You can find previous posts about the writing of Henry Tilney's Diary on 6th and 21st June.
One of the most difficult decisions for me when I write the diaries is, Where should I start? In Mr Darcy's Diary I started with Darcy sending Georgiana out of London for the summer and then discovering that she was about to elope with Wickham. In Mr Knightley's Diary I started at the same point that Emma starts, with Emma's governess about to marry. In Captain Wentworth's Diary, Edmund Bertram's Diary and Col Brandon's Diary I started with the backstory, taking Wentworth back to his first meeting with Anne, Edmund back to his first meeting with Fanny and Brandon back to his first love affair with Eliza.
With Henry Tilney's Diary I was planning to start it with Henry going to Bath, just previous to his first meeting with Catherine, but when I read the last page of Northanger Abbey again I realised I wanted to start the book much, much earlier. This is the passage that made me change my mind:
The anxiety, which in this state of their attachment must be the portion of Henry and Catherine, and of all who loved either, as to its final event, can hardly extend, I fear, to the bosom of my readers, who will see in the tell–tale compression of the pages before them, that we are all hastening together to perfect felicity.
The means by which their early marriage was effected can be the only doubt: what probable circumstance could work upon a temper like the general’s? The circumstance which chiefly availed was the marriage of his daughter with a man of fortune and consequence, which took place in the course of the summer — an accession of dignity that threw him into a fit of good humour, from which he did not recover till after Eleanor had obtained his forgiveness of Henry, and his permission for him “to be a fool if he liked it!”
The marriage of Eleanor Tilney, her removal from all the evils of such a home as Northanger had been made by Henry’s banishment, to the home of her choice and the man of her choice, is an event which I expect to give general satisfaction among all her acquaintance.
My own joy on the occasion is very sincere. I know no one more entitled, by unpretending merit, or better prepared by habitual suffering, to receive and enjoy felicity. Her partiality for this gentleman was not of recent origin; and he had been long withheld only by inferiority of situation from addressing her. His unexpected accession to title and fortune had removed all his difficulties; and never had the general loved his daughter so well in all her hours of companionship, utility, and patient endurance as when he first hailed her “Your Ladyship!”
Her husband was really deserving of her; independent of his peerage, his wealth, and his attachment, being to a precision the most charming young man in the world. Any further definition of his merits must be unnecessary; the most charming young man in the world is instantly before the imagination of us all.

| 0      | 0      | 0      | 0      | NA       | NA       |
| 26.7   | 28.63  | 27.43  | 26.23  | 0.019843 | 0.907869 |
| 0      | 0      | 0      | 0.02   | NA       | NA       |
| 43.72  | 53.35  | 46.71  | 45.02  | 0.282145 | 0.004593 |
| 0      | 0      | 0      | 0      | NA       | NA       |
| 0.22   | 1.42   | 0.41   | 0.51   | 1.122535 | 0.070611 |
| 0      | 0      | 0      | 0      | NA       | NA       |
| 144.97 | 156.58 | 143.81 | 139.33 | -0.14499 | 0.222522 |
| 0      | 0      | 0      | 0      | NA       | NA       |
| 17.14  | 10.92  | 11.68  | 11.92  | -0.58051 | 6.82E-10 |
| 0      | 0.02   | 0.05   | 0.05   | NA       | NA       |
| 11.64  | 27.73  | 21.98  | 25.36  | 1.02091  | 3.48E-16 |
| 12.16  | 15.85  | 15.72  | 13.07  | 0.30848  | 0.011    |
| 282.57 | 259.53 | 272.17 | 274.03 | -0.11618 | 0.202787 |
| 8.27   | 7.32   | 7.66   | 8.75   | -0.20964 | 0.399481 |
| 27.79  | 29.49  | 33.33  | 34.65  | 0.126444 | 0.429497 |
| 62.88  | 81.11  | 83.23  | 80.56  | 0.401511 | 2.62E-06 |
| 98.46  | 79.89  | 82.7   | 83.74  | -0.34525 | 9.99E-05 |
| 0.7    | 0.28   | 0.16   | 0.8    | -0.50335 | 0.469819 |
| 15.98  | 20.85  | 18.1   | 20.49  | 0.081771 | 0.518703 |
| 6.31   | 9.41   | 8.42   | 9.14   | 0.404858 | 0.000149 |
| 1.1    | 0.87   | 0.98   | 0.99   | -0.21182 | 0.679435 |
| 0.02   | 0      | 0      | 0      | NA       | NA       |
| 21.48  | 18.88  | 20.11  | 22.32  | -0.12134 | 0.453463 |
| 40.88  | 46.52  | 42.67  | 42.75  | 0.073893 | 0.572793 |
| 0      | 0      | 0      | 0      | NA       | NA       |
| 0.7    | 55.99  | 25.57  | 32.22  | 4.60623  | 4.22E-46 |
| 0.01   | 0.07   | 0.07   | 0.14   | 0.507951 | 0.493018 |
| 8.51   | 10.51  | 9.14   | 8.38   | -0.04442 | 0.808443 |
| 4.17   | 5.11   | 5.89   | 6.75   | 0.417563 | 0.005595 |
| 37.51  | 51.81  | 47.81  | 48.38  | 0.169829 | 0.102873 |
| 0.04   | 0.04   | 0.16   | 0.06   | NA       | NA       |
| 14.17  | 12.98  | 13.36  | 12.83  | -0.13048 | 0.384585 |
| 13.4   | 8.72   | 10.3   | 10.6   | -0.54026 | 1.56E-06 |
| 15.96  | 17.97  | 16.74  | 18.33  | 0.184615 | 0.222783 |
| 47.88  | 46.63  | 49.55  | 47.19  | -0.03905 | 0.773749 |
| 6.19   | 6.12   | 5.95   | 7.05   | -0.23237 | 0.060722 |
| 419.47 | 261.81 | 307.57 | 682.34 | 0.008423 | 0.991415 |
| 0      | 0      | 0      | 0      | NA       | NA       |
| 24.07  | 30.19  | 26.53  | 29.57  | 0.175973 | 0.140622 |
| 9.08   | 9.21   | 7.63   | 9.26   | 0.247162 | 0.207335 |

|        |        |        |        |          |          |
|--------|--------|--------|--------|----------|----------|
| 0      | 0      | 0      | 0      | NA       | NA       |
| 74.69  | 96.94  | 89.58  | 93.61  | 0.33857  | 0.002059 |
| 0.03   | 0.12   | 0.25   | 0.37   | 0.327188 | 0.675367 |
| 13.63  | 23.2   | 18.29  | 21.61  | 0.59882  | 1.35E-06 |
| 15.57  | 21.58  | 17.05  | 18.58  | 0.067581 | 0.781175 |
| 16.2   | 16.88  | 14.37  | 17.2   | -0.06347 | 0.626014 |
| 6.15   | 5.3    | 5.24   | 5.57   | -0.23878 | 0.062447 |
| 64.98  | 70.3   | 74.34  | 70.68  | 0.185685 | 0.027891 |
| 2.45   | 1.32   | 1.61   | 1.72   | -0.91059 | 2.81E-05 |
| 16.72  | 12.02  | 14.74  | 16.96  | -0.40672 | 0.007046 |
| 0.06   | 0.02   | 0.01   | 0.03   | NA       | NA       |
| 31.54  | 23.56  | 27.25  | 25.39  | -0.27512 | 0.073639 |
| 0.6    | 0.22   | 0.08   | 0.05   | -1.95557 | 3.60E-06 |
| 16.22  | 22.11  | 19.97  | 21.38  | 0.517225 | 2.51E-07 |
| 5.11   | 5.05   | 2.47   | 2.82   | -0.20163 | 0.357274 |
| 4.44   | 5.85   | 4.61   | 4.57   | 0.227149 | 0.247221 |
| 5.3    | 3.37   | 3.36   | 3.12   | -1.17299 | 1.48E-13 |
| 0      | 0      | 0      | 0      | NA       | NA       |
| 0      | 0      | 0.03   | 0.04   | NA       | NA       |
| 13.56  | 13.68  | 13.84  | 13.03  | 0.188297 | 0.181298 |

Concerning the one in question, therefore, I have only to add — aware that the rules of composition forbid the introduction of a character not connected with my fable — that this was the very gentleman whose negligent servant left behind him that collection of washing–bills, resulting from a long visit at Northanger, by which my heroine was involved in one of her most alarming adventures.
Here is a backstory indeed! One that involves a second love affair, that of Eleanor and her Viscount. Given that Eleanor and Henry are very close, it must have formed part of their conversations together at the time, and I saw that this would be a very good way for me to explore the relationship between the two siblings.
Then I realised that if I was going to explore the relationship between Eleanor and Henry I would also like to explore the relationship between Frederick and Henry.
It has some similarities to the relationship between Tom and Edmund Bertram. The older son, the heir, is in both cases a hopeless case, indulging in the usual heir-like pastimes of getting drunk, gambling and womanising. The younger son is in both cases destined for the church.
But there the similarity ends, because whilst Edmund is a serious young man, Henry Tilney is witty and light-hearted, almost a male version of Lizzy Bennet.
I decided I wanted to capture the family dynamics in the first few diary entries. Next time I'll be posting the rough draft of these entries so I hope you'll come back and read them!
Available books in the Austen diaries series are Mr Darcy's Diary, Mr Knightley's Diary, Captain Wentworth's Diary, Edmund Bertram's Diary and Colonel Brandon's Diary. They're available from bookshops or from Amazons including Amazon US and Amazon UK
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